If distance were an object between us

Het Wilde Weten, Rotterdam
2009
NRC Next, Donderdaag, 8 Oktober, 2009, installation view, 60 hand finished screen prints onto offset print

NRC Next, Donderdaag, 8 Oktober, 2009, installation view, 60 hand finished screen prints onto offset print

NRC Next, Donderdaag, 8 Oktober, 2009, installation view, 60 hand finished screen prints onto offset print

NRC Next, Donderdaag, 8 Oktober, 2009, installation view, 60 hand finished screen prints onto offset print

NRC Next, Donderdaag, 8 Oktober, 2009, installation view, 60 hand finished screen prints onto offset print

NRC Next, Donderdaag, 8 Oktober, 2009, installation view, 60 hand finished screen prints onto offset print

NRC Next, Donderdaag, 8 Oktober, 2009, installation view, 60 hand finished screen prints onto offset print

NRC Next, Donderdaag, 8 Oktober, 2009, installation view, 60 hand finished screen prints onto offset print

Installation view

Installation view

I hate it, collage, 10 x 13 cm

I hate it, collage, 10 x 13 cm

Installation view

Installation view

Dream pit, ink on newspaper, 39 x 25 cm

Dream pit, ink on newspaper, 39 x 25 cm

Installation view

Installation view

Installation view

Installation view

Landscape Girl, collage, 16 x 22 cm

Landscape Girl, collage, 16 x 22 cm

If distance was an object between us

If distance was an object between us

If distance were an object between us, Het Wilde Weten, Rotterdam
1 September – 30 November, 2009
Residency funded by Arts Council England and RaiR.

An interview between a mosquito on the wall of the Het Wilde Weten guest studio and Elizabeth Rowe (recorded November 18 2009).

Mosquito: Elizabeth, lovely to finally meet you. I’ve been quietly sitting in the guest studio watching you for three months now. I’ve become fascinated by your working process, how you go about selecting images, arranging images, composing your collages. I’ve felt slightly fearful that you may go for me and include me in one of your collages. When you select an image, it reminded me of watching a hawk, perhaps in captivity or at a zoo, pouncing on its anesthetised prey. I’ve seen you sit there for hours just gazing over hundreds of tiny cut out images, watching and waiting until you spot the apposite one. Is this your normal working practice?

Elizabeth: Yes, the sifting, sorting, cutting out, throwing together, searching through, flicking, transferring from one pile to another, ordering, pouncing, is an essential part of the process. Creating my own system for managing a fairly random selection of materials that I have chosen according to my own interests but also what is available, what is at hand, what has turned up, what is within my budget and my frame of reference. Accident and chance play a part here as well. It’s essentially a case of finding images that work together – and this can be a time consuming process. I’ll also often disregard the majority of the images I cut out.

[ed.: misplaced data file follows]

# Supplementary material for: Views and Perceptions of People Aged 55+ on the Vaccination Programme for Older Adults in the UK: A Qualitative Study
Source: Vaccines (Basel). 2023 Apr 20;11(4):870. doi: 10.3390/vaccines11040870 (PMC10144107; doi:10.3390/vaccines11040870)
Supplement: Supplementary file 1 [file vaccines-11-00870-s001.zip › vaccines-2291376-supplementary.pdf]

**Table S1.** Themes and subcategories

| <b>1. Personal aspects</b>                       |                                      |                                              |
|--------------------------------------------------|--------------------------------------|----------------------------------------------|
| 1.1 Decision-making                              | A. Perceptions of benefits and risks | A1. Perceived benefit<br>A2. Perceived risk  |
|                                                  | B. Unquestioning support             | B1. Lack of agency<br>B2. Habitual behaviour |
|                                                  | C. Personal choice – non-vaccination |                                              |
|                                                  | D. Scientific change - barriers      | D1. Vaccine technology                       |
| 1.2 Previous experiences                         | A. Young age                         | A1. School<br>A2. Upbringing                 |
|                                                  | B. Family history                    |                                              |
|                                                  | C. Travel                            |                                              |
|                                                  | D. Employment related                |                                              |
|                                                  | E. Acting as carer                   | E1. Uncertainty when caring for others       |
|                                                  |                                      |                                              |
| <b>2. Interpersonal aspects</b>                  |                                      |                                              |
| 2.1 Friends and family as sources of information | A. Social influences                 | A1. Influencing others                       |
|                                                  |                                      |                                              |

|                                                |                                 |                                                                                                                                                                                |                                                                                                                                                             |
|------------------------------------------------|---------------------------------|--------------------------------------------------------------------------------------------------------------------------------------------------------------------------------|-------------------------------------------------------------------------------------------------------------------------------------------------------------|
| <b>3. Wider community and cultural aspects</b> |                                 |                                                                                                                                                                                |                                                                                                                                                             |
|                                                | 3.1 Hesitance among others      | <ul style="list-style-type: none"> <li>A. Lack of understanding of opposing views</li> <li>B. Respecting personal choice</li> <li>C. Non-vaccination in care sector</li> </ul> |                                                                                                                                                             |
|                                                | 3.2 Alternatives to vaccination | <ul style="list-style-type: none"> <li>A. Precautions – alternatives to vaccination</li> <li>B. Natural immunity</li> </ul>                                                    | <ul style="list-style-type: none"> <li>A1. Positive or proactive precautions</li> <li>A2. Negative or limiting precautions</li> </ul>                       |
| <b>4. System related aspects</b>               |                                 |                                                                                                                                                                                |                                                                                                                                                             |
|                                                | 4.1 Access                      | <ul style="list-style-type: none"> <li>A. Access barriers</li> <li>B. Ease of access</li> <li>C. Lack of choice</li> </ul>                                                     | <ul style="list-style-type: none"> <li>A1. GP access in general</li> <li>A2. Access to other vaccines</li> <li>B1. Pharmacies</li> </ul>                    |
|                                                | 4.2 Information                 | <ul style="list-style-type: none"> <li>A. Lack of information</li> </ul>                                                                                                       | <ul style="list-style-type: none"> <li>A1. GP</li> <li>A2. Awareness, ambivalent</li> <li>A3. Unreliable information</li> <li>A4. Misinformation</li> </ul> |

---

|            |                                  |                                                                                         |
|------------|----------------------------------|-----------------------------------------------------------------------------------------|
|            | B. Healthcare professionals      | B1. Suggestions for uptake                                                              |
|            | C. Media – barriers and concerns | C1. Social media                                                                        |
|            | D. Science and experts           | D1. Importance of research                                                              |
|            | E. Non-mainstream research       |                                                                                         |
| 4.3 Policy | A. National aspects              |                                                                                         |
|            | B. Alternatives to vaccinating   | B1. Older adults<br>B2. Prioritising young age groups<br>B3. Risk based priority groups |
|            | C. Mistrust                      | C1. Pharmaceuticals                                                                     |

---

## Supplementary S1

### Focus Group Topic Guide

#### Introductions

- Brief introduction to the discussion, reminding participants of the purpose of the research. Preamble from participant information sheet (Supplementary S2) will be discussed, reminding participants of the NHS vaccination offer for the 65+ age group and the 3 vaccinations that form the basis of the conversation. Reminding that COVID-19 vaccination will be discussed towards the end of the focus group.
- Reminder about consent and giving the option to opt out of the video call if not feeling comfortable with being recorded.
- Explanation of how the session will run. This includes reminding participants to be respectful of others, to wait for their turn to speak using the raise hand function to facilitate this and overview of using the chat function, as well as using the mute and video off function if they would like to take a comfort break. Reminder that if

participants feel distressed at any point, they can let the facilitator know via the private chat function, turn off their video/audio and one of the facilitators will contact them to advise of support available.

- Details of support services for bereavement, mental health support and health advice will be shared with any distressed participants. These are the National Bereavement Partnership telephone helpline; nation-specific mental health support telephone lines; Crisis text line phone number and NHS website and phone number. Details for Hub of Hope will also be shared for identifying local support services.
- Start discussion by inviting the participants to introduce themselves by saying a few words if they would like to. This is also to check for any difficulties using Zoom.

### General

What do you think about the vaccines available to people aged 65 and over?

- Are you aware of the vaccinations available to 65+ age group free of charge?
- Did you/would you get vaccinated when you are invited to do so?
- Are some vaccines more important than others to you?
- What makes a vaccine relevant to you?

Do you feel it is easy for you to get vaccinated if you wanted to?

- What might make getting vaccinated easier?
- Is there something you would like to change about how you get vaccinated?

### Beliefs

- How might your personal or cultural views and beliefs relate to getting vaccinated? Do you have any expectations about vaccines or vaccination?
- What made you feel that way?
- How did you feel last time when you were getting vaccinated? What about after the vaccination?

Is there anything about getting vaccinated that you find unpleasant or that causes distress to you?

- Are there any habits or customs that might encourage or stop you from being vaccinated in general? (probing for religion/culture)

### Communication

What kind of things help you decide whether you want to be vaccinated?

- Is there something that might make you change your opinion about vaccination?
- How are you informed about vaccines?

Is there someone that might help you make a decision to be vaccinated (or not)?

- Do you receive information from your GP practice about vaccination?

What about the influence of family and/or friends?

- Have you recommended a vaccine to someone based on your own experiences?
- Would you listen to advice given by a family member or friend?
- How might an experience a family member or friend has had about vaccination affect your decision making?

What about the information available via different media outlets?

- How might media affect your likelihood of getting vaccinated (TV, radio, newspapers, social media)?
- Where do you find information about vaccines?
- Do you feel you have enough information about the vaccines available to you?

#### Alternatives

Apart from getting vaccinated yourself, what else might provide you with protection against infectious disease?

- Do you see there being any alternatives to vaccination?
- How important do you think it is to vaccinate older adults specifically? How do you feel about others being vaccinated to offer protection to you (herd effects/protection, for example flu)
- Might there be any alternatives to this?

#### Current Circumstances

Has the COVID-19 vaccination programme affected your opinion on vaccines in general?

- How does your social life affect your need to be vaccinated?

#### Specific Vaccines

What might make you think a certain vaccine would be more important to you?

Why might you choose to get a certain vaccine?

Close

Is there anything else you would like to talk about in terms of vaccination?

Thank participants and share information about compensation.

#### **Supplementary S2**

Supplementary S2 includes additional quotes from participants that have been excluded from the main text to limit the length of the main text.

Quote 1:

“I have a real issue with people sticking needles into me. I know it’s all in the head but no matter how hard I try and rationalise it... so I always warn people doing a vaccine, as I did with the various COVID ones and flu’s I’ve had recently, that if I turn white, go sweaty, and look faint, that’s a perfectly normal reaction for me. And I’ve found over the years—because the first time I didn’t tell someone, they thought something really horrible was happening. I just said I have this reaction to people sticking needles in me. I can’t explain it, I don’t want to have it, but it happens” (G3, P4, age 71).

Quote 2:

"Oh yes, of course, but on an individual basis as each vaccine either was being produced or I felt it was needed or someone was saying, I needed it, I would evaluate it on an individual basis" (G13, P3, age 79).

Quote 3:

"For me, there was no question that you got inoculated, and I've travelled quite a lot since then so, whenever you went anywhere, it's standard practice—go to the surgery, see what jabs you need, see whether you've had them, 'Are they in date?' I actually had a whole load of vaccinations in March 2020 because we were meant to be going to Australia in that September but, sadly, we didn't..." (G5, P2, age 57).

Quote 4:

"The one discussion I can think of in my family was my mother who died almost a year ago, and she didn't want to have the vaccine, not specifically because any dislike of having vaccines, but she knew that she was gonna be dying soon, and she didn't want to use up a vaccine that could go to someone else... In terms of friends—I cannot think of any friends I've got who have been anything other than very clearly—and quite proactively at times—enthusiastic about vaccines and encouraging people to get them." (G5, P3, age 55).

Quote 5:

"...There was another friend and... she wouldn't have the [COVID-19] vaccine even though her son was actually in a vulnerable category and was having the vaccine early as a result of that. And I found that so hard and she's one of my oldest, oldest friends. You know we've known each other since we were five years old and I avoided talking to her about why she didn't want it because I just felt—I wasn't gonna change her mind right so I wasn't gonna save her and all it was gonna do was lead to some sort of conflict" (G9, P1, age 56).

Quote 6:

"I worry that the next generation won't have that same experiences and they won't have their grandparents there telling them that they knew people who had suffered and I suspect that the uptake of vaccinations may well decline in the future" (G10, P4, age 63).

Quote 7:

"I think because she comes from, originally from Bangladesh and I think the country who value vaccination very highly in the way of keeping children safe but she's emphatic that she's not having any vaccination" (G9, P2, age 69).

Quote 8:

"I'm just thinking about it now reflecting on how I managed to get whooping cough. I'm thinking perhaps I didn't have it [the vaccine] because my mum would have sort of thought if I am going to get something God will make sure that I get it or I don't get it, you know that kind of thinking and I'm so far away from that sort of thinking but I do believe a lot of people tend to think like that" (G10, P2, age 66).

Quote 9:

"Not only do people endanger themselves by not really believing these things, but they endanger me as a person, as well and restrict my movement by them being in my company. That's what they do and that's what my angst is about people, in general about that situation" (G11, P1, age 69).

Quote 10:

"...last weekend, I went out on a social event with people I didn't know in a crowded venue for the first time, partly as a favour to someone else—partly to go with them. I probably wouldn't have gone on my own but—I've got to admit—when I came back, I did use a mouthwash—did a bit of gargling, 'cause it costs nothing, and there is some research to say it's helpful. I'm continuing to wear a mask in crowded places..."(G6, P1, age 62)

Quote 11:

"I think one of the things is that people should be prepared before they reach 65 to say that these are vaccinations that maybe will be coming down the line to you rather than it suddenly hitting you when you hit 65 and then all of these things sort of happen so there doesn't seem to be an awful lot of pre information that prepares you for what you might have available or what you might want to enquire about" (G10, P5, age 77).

Mosquito: I flew into the project space yesterday to have a look at the show. Things look very pared down and understated, until you got up close to the work. It felt a bit like cutting from a relatively unremarkable long shot to a close up in which something crucial is revealed in the narrative. Is this how you want the spectator to interpret the work?

Elizabeth: The work is meant to be viewed and interpreted close up. Ideally, I want to produce in the viewer a shift in perspective as they approach the work. When you examine the images close-up, there are these enormous narratives occurring in miniature scenarios. I try to take these disparate images of people, places, objects and re-imagine them into extraordinary new situations – times, cultures, histories, spaces clash to produce new little worlds. Ultimately, we all create little worlds and fantasies on a daily basis; it helps us to better negotiate our existence. I’m simply realising these subjectivities as physical objects.

Mosquito: Your press release reads Rowe presents new collages, sculptures and drawings made from material she has accumulated during her residency in Rotterdam. Using objects that she has found in the street, bought from second hand shops, newspapers, magazines and books, Rowe has processed the mass of stuff she has gathered by cutting up, reassembling or drawing over. The resulting works incisively interrupt different personal, political and historical realities, walking the line between irreverent and heart rending. Could you tell me more about what you mean by this?

Elizabeth: Well firstly, I mainly use disregarded, cheap materials – predominantly mass-produced printed matter of one kind or another. This is very important to me. Secondly, when I refer to different realities, I mean this in the widest sense possible. I’m interested in what happens when you create a relationship between these realities, say an image from a 1970s National Geographic coming into contact with a picture from a 1990s fashion magazine.

Mosquito: There are quite a few postcard works, many of them appropriated Dutch postcards. How come?

Elizabeth: I made the decision to come to the Netherlands without any materials at all – everything I have produced here has come from Dutch magazines, books, newspapers I’ve accumulated. Whilst this hasn’t altered things drastically for me, it has ensured that I am surrounded by images I can’t always understand – either because of the language or simply because I’m not from the Netherlands. I’ve approached them purely as images, oblivious to their cultural or historical connotations.

Mosquito: Could the same be said of your use of newspapers? It’s ‘In Beeld’ from NRC Next?
[The interview was ended at this point after Liz put her glass down on the table]

Screen prints of ‘In Beeld’ NRC Next Donderdag 8 Oktober 2009, Limited Edition Run of 60 supported by RaiR

http://www.hetwildeweten.nl/artist-in-residence/

http://rair.nl/